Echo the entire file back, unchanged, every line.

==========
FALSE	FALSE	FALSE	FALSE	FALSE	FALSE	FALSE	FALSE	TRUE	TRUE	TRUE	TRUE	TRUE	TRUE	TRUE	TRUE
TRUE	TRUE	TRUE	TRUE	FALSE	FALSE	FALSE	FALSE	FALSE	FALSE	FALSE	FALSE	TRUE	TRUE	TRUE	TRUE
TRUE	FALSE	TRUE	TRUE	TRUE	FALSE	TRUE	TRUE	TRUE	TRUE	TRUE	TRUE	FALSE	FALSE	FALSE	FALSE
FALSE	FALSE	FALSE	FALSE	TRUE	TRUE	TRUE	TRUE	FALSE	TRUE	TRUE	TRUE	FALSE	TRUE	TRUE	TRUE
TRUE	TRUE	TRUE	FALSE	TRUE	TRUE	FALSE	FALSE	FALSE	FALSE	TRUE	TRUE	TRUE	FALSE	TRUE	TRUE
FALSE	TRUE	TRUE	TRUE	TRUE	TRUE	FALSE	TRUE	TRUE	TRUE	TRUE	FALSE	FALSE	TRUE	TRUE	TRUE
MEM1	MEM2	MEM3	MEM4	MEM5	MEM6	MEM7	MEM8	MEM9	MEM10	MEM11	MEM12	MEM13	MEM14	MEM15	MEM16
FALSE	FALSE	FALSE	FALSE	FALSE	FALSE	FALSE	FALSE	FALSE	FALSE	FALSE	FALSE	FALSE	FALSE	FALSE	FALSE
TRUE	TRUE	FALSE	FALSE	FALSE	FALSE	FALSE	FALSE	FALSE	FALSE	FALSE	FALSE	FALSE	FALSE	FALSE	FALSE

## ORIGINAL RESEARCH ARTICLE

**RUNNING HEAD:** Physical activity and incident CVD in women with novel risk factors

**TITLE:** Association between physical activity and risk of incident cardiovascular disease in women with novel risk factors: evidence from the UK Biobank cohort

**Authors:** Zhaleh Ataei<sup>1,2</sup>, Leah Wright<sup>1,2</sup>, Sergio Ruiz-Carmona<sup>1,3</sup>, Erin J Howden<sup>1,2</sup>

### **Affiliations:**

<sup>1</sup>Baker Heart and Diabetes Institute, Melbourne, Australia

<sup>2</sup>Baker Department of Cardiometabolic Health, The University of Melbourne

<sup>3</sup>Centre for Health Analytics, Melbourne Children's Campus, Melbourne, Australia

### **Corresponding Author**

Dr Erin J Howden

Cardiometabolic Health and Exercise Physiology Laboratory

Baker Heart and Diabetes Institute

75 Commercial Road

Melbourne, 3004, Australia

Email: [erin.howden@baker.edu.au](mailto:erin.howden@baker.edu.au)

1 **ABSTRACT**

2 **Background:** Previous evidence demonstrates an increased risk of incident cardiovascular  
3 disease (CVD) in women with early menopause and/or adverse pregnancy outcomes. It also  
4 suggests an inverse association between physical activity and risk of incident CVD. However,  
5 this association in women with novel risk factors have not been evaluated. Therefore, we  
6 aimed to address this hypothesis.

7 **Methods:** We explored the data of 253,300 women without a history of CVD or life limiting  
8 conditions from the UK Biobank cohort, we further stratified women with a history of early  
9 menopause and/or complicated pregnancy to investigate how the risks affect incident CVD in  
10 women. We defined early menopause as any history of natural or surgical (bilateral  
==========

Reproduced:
FALSE	FALSE	FALSE	FALSE	FALSE	FALSE	FALSE	FALSE	TRUE	TRUE	TRUE	TRUE	TRUE	TRUE	TRUE	TRUE
TRUE	TRUE	TRUE	TRUE	FALSE	FALSE	FALSE	FALSE	FALSE	FALSE	FALSE	FALSE	TRUE	TRUE	TRUE	TRUE
TRUE	FALSE	TRUE	TRUE	TRUE	FALSE	TRUE	TRUE	TRUE	TRUE	TRUE	TRUE	FALSE	FALSE	FALSE	FALSE
FALSE	FALSE	FALSE	FALSE	TRUE	TRUE	TRUE	TRUE	FALSE	TRUE	TRUE	TRUE	FALSE	TRUE	TRUE	TRUE
TRUE	TRUE	TRUE	FALSE	TRUE	TRUE	FALSE	FALSE	FALSE	FALSE	TRUE	TRUE	TRUE	FALSE	TRUE	TRUE
FALSE	TRUE	TRUE	TRUE	TRUE	TRUE	FALSE	TRUE	TRUE	TRUE	TRUE	FALSE	FALSE	TRUE	TRUE	TRUE
MEM1	MEM2	MEM3	MEM4	MEM5	MEM6	MEM7	MEM8	MEM9	MEM10	MEM11	MEM12	MEM13	MEM14	MEM15	MEM16
FALSE	FALSE	FALSE	FALSE	FALSE	FALSE	FALSE	FALSE	FALSE	FALSE	FALSE	FALSE	FALSE	FALSE	FALSE	FALSE
TRUE	TRUE	FALSE	FALSE	FALSE	FALSE	FALSE	FALSE	FALSE	FALSE	FALSE	FALSE	FALSE	FALSE	FALSE	FALSE

## ORIGINAL RESEARCH ARTICLE

**RUNNING HEAD:** Physical activity and incident CVD in women with novel risk factors

**TITLE:** Association between physical activity and risk of incident cardiovascular disease in women with novel risk factors: evidence from the UK Biobank cohort

**Authors:** Zhaleh Ataei<sup>1,2</sup>, Leah Wright<sup>1,2</sup>, Sergio Ruiz-Carmona<sup>1,3</sup>, Erin J Howden<sup>1,2</sup>

### **Affiliations:**

<sup>1</sup>Baker Heart and Diabetes Institute, Melbourne, Australia

<sup>2</sup>Baker Department of Cardiometabolic Health, The University of Melbourne

<sup>3</sup>Centre for Health Analytics, Melbourne Children's Campus, Melbourne, Australia

### **Corresponding Author**

Dr Erin J Howden

Cardiometabolic Health and Exercise Physiology Laboratory

Baker Heart and Diabetes Institute

75 Commercial Road

Melbourne, 3004, Australia

Email: [erin.howden@baker.edu.au](mailto:erin.howden@baker.edu.au)

1 **ABSTRACT**

2 **Background:** Previous evidence demonstrates an increased risk of incident cardiovascular  
3 disease (CVD) in women with early menopause and/or adverse pregnancy outcomes. It also  
4 suggests an inverse association between physical activity and risk of incident CVD. However,  
5 this association in women with novel risk factors have not been evaluated. Therefore, we  
6 aimed to address this hypothesis.

7 **Methods:** We explored the data of 253,300 women without a history of CVD or life limiting  
8 conditions from the UK Biobank cohort, we further stratified women with a history of early  
9 menopause and/or complicated pregnancy to investigate how the risks affect incident CVD in  
10 women. We defined early menopause as any history of natural or surgical (bilateral  